“This is an active threat,” White House press secretary Jen Psaki said Friday. “Everyone running these servers — government, private sector, academia — needs to act now to patch them.”
Later on Friday, the Cybersecurity and Infrastructure Security Agency underscored the risk in unusually plain language, stating in a tweet that the malicious activity, if left unchecked, could “enable an attacker to gain control of an entire enterprise network.”
In a rare step, White House officials have urged private sector organizations running localized installations of Microsoft Exchange server software to install several critical updates that were released in what information security experts described as an emergency patch release.
Pentagon press secretary John Kirby told reporters Friday the Defense Department is currently working to determine if it has been negatively affected by the vulnerability.
“We’re aware of it, and we’re assessing it,” Kirby said. “And that’s really as far as I’m able to go right now.”
But the malicious activity disclosed this week is not in any way related to the SolarWinds hack, Microsoft said Tuesday.
Microsoft typically releases software updates on the second Tuesday of each month. But in a sign of the seriousness of the threat, Microsoft published the patches addressing the new vulnerabilities — which had never been detected until now — a week early.
‘We urge network operators to take it very seriously’
“We urge network operators to take it very seriously,” Psaki said of the directive. The administration is concerned there as a “large number of victims,” she added.
One person working at a Washington think tank told CNN both her work and personal e-mail accounts were hit by the attackers. Microsoft sent her a warning that a foreign government was behind it. AOL sent a similar notification for the personal account.
The person was then visited by FBI agents who showed up on her doorstep, repeating that this was indeed an ongoing, sophisticated hack by a foreign government and that there is a nationwide FBI investigation underway.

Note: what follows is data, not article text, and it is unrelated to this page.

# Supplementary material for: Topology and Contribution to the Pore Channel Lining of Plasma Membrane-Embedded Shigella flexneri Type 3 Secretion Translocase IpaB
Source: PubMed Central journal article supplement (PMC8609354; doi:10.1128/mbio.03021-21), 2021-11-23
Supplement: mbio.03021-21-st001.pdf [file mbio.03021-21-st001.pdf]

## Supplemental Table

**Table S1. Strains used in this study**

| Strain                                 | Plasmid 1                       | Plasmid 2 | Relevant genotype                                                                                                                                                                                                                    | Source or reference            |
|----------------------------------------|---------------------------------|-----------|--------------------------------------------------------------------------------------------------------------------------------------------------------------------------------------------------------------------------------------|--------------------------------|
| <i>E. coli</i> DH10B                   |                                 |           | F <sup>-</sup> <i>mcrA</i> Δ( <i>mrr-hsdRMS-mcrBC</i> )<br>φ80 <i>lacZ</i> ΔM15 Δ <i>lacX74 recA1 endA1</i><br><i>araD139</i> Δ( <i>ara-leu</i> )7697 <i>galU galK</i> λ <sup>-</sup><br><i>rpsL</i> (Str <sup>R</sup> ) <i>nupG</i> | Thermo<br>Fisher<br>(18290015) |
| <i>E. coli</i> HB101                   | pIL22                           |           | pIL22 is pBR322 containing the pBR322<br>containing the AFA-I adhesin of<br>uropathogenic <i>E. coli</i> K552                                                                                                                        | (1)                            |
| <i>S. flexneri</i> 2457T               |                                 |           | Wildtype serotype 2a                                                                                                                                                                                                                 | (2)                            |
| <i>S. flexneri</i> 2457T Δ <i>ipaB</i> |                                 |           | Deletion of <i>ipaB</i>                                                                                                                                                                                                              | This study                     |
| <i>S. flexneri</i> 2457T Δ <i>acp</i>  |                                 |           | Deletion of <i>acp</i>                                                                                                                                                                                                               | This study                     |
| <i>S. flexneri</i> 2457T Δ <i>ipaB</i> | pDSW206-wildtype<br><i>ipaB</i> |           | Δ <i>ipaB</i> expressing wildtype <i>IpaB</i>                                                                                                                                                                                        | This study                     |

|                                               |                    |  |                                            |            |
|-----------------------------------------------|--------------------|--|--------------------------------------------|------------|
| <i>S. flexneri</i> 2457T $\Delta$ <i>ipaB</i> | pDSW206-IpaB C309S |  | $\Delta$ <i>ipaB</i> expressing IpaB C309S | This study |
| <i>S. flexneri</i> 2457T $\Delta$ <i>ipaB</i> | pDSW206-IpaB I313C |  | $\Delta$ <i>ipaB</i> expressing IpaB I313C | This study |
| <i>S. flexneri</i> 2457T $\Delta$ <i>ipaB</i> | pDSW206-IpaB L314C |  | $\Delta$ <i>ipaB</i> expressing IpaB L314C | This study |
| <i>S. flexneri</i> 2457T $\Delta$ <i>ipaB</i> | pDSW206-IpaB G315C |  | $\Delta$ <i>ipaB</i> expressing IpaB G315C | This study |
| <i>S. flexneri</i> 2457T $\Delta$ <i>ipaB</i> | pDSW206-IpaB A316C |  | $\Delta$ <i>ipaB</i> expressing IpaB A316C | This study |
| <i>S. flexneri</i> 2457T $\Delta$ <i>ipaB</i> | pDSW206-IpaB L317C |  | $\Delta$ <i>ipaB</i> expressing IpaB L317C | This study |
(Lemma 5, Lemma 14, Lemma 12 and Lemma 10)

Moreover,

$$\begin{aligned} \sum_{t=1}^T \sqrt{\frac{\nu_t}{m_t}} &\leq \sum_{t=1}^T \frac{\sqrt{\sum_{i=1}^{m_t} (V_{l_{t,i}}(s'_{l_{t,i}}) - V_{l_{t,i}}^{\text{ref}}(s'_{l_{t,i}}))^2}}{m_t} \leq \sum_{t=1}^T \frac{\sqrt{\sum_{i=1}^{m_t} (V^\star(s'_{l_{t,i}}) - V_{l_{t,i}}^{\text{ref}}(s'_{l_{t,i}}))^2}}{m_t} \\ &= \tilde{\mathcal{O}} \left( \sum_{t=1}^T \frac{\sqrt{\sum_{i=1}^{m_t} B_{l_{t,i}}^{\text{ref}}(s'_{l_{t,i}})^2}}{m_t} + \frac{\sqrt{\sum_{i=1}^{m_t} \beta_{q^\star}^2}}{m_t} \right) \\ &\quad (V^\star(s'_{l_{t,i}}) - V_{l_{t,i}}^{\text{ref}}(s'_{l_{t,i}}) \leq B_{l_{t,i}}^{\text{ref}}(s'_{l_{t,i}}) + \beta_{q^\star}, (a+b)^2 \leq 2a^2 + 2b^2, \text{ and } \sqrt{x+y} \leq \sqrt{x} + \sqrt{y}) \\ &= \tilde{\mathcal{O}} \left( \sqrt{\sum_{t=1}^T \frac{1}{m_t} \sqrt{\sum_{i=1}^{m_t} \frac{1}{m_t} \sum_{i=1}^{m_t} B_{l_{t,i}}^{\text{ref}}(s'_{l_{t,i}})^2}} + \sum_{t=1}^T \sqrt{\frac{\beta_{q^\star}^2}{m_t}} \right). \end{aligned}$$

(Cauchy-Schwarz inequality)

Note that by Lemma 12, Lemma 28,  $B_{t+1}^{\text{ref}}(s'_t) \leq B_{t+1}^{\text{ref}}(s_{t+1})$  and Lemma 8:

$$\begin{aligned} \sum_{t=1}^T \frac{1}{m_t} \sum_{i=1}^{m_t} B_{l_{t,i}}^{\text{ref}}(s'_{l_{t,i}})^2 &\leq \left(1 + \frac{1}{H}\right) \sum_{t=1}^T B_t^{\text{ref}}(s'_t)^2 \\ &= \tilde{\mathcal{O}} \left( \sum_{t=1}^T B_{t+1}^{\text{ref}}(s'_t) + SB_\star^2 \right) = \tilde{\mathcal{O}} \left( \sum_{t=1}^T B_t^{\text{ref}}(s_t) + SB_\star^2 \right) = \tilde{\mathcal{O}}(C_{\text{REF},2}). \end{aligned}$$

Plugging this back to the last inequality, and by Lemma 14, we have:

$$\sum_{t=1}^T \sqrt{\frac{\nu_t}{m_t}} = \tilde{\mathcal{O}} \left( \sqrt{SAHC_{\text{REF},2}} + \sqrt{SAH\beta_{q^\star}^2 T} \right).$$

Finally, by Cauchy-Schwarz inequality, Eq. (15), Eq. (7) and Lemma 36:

The attackers had used their unauthorized access to e-mail the person’s contacts, “tailoring [the messages] in a way that the recipient will not doubt I am the sender.” The attackers’ fraudulent emails sent in the person’s name included invitations to non-existent conferences and referred to an article in her name and a book in a colleague’s name, neither of which was written by them.
Each message, the person said, came with links asking people to click on them.
The US government’s unusually public response to the incident was a surprise to many experts, a reflection of both the Biden administration’s focus on cyber issues compared to the Trump White House as well as the scale of the threat.
“When you wake up to the [National Security Advisor] and [Press Secretary] tweeting about cyber,” National Security Agency communications official Bailey Bickley tweeted from her personal account, appending a “starstruck” emoji and quoting Sullivan’s tweet from the night before.
CLARIFICATION: This story has been updated to reflect NSA official Bailey Bickley was tweeting on her personal account and not speaking for the NSA.
CNN’s Michael Conte and Oren Liebermann contributed to this report.